Finally, the disclosed embodiments described herein may be adapted for use in other processor architectures, computer-based systems, or system virtualizations, and such embodiments are expressly anticipated by the disclosures made herein and, thus, the present invention should not be limited to specific embodiments described herein but instead construed most broadly. Likewise, the use of synthetic instructions for purposes other than processor virtualization are also anticipated by the disclosures made herein, and any such utilization of synthetic instructions in contexts other than processor virtualization should be most broadly read into the disclosures made herein.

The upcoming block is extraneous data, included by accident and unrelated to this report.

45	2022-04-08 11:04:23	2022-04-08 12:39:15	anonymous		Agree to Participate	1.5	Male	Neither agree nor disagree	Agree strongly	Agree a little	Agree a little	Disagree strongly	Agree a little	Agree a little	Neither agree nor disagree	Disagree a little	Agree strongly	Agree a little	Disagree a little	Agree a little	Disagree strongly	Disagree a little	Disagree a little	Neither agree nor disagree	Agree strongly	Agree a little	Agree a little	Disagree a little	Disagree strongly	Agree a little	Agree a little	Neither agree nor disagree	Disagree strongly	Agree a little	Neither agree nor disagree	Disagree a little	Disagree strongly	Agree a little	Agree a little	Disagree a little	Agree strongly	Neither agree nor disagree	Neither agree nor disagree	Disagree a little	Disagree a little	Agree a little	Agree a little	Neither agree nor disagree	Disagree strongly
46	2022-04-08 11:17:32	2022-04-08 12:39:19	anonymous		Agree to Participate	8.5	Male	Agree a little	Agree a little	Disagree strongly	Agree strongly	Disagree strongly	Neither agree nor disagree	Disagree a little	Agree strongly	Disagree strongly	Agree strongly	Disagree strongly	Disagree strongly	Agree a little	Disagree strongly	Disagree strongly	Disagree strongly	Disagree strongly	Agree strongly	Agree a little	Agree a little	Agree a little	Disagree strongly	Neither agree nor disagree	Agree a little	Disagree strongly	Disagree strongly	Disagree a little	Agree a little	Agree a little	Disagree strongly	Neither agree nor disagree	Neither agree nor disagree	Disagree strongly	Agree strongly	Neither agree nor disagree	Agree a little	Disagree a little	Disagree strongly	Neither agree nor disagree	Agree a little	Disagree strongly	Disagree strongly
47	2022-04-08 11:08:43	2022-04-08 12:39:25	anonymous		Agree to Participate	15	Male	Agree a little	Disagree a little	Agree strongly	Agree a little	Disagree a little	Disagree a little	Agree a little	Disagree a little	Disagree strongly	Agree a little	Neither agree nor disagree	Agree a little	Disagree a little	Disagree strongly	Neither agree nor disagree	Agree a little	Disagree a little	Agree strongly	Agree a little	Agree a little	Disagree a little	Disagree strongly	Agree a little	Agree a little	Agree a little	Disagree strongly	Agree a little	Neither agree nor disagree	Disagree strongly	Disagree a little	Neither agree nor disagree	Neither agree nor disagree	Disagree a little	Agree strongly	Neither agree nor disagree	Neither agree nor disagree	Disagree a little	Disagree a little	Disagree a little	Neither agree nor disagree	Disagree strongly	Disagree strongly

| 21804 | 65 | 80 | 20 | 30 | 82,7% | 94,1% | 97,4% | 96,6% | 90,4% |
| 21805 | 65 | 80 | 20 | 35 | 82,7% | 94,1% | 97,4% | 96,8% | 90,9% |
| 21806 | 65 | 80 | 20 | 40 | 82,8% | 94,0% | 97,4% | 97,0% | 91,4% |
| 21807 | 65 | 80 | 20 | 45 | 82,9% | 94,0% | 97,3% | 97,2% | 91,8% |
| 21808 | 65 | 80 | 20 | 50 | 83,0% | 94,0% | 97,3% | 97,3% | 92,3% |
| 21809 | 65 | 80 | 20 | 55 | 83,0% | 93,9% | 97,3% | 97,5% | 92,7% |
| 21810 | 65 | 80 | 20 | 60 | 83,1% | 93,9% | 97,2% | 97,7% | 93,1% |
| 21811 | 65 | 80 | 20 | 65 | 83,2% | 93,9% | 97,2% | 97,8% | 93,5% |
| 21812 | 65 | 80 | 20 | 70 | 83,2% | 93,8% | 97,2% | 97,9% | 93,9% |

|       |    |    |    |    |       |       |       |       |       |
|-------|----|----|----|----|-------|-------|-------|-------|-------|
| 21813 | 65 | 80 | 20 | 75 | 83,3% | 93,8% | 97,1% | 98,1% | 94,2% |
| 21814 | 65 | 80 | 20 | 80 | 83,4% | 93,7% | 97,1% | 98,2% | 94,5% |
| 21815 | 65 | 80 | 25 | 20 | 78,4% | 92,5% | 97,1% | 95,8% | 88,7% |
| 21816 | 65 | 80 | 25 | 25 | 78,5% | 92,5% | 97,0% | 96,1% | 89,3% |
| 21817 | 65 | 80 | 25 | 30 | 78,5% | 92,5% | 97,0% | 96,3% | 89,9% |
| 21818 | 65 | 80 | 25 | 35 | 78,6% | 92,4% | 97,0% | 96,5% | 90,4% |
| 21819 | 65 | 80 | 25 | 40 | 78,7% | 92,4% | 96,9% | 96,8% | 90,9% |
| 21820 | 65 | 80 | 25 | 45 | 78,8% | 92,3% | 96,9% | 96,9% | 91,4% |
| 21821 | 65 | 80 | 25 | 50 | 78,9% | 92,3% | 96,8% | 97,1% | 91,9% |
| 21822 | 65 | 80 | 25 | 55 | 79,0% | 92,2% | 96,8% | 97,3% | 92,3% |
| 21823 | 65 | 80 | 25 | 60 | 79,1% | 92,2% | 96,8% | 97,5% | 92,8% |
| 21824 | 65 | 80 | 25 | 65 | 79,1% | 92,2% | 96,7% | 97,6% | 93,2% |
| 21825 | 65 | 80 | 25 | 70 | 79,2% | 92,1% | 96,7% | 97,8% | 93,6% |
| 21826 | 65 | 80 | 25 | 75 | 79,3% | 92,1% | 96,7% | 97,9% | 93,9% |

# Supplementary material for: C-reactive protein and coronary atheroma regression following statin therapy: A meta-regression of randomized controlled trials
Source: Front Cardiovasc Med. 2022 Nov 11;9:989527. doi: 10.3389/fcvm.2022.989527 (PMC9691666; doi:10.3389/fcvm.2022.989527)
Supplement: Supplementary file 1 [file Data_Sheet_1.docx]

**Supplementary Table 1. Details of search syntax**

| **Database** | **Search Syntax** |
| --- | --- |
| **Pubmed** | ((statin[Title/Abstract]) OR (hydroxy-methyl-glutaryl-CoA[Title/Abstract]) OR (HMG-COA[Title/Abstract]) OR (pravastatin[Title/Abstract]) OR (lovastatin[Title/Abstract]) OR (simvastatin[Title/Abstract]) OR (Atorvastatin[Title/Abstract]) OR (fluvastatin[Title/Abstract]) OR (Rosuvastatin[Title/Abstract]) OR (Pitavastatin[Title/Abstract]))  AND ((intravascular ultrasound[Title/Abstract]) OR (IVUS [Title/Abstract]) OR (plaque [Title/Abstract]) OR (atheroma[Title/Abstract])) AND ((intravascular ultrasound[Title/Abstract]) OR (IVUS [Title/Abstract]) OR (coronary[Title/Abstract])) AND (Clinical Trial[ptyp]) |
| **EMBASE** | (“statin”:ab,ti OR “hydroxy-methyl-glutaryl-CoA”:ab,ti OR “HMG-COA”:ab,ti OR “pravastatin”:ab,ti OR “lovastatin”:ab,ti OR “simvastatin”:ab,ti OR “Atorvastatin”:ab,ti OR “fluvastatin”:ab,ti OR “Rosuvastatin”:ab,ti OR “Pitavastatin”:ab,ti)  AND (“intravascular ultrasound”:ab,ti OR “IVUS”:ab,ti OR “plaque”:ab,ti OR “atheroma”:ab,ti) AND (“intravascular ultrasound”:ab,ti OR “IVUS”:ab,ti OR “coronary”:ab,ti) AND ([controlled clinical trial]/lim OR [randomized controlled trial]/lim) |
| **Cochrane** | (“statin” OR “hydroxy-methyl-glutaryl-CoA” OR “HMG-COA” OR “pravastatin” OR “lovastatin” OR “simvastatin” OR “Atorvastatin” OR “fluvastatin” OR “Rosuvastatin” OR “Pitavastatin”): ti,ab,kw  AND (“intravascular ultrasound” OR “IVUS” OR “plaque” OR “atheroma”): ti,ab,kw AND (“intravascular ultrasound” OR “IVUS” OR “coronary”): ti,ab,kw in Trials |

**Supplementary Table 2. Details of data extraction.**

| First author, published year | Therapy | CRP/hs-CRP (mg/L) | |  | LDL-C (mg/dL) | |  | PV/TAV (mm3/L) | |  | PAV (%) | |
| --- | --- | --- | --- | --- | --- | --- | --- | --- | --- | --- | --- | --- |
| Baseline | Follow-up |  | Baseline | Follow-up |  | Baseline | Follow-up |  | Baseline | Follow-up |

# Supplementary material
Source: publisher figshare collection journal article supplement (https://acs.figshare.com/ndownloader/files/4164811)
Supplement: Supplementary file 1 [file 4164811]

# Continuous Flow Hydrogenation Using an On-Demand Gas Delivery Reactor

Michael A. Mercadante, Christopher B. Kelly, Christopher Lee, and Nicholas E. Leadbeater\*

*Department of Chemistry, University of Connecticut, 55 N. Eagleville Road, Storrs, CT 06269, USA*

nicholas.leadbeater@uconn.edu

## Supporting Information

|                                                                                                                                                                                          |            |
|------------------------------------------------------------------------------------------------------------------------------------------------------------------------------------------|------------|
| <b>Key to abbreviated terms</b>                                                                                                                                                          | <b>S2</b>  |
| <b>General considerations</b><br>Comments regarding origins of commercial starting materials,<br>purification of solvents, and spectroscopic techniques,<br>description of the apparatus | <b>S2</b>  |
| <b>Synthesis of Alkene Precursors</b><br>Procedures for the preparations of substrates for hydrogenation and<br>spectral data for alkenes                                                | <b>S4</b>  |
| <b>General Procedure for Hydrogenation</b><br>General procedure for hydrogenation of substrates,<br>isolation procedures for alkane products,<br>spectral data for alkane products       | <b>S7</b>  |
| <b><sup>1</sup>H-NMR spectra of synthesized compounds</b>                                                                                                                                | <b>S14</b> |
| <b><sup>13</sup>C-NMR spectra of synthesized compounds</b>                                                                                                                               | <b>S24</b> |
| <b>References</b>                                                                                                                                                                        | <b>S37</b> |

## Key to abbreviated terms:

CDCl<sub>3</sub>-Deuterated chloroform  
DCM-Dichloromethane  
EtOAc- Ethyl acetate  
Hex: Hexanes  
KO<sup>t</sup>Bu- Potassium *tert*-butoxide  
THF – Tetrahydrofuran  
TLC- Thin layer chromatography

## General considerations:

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Classifications
U.S. Classification718/1
International ClassificationG06F9/455
Cooperative ClassificationG09B5/00, G09B19/0053
European ClassificationG09B5/00, G09B19/00G
Legal Events
DateCodeEventDescription
Nov 8, 2004ASAssignment
Owner name: MICROSOFT CORPORATION, WASHINGTON
Free format text: ASSIGNMENT OF ASSIGNORS INTEREST;ASSIGNORS:TRAUT, ERIC P.;NEIL, MIKE;REEL/FRAME:015340/0060
Effective date: 20041014